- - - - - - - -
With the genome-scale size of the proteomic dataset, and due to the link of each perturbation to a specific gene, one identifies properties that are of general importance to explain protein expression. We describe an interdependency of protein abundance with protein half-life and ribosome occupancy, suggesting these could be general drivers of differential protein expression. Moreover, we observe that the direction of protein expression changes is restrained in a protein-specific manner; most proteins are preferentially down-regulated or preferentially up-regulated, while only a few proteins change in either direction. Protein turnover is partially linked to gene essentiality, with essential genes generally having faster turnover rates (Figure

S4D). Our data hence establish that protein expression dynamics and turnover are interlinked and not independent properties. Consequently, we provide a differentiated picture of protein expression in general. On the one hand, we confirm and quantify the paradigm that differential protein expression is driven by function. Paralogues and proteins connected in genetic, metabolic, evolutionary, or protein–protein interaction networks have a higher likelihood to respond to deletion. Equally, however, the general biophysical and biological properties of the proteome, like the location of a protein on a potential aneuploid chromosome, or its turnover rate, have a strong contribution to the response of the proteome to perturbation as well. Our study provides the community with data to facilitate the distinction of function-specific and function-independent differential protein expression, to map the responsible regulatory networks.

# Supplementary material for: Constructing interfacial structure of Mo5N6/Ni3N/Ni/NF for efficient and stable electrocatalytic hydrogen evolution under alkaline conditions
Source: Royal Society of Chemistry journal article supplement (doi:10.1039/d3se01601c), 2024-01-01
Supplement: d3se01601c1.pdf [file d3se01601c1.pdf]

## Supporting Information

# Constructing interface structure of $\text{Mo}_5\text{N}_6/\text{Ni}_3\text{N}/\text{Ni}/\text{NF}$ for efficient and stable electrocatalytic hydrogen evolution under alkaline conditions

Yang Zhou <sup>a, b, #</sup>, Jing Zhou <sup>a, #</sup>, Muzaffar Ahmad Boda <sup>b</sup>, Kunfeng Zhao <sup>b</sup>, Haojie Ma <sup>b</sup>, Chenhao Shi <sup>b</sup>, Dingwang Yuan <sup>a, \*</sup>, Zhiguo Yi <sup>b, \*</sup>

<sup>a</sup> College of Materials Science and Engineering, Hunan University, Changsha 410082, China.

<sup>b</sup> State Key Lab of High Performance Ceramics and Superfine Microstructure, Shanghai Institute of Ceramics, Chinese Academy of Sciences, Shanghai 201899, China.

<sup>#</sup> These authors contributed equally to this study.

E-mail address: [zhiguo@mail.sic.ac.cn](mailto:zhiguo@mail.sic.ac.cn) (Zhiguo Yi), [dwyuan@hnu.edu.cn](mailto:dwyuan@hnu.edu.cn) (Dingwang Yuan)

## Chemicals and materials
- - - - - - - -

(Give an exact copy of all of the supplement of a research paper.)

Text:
With the genome-scale size of the proteomic dataset, and due to the link of each perturbation to a specific gene, one identifies properties that are of general importance to explain protein expression. We describe an interdependency of protein abundance with protein half-life and ribosome occupancy, suggesting these could be general drivers of differential protein expression. Moreover, we observe that the direction of protein expression changes is restrained in a protein-specific manner; most proteins are preferentially down-regulated or preferentially up-regulated, while only a few proteins change in either direction. Protein turnover is partially linked to gene essentiality, with essential genes generally having faster turnover rates (Figure

S4D). Our data hence establish that protein expression dynamics and turnover are interlinked and not independent properties. Consequently, we provide a differentiated picture of protein expression in general. On the one hand, we confirm and quantify the paradigm that differential protein expression is driven by function. Paralogues and proteins connected in genetic, metabolic, evolutionary, or protein–protein interaction networks have a higher likelihood to respond to deletion. Equally, however, the general biophysical and biological properties of the proteome, like the location of a protein on a potential aneuploid chromosome, or its turnover rate, have a strong contribution to the response of the proteome to perturbation as well. Our study provides the community with data to facilitate the distinction of function-specific and function-independent differential protein expression, to map the responsible regulatory networks.

# Supplementary material for: Constructing interfacial structure of Mo5N6/Ni3N/Ni/NF for efficient and stable electrocatalytic hydrogen evolution under alkaline conditions
Source: Royal Society of Chemistry journal article supplement (doi:10.1039/d3se01601c), 2024-01-01
Supplement: d3se01601c1.pdf [file d3se01601c1.pdf]

## Supporting Information

# Constructing interface structure of $\text{Mo}_5\text{N}_6/\text{Ni}_3\text{N}/\text{Ni}/\text{NF}$ for efficient and stable electrocatalytic hydrogen evolution under alkaline conditions

Yang Zhou <sup>a, b, #</sup>, Jing Zhou <sup>a, #</sup>, Muzaffar Ahmad Boda <sup>b</sup>, Kunfeng Zhao <sup>b</sup>, Haojie Ma <sup>b</sup>, Chenhao Shi <sup>b</sup>, Dingwang Yuan <sup>a, \*</sup>, Zhiguo Yi <sup>b, \*</sup>

<sup>a</sup> College of Materials Science and Engineering, Hunan University, Changsha 410082, China.

<sup>b</sup> State Key Lab of High Performance Ceramics and Superfine Microstructure, Shanghai Institute of Ceramics, Chinese Academy of Sciences, Shanghai 201899, China.

<sup>#</sup> These authors contributed equally to this study.

E-mail address: [zhiguo@mail.sic.ac.cn](mailto:zhiguo@mail.sic.ac.cn) (Zhiguo Yi), [dwyuan@hnu.edu.cn](mailto:dwyuan@hnu.edu.cn) (Dingwang Yuan)

## Chemicals and materials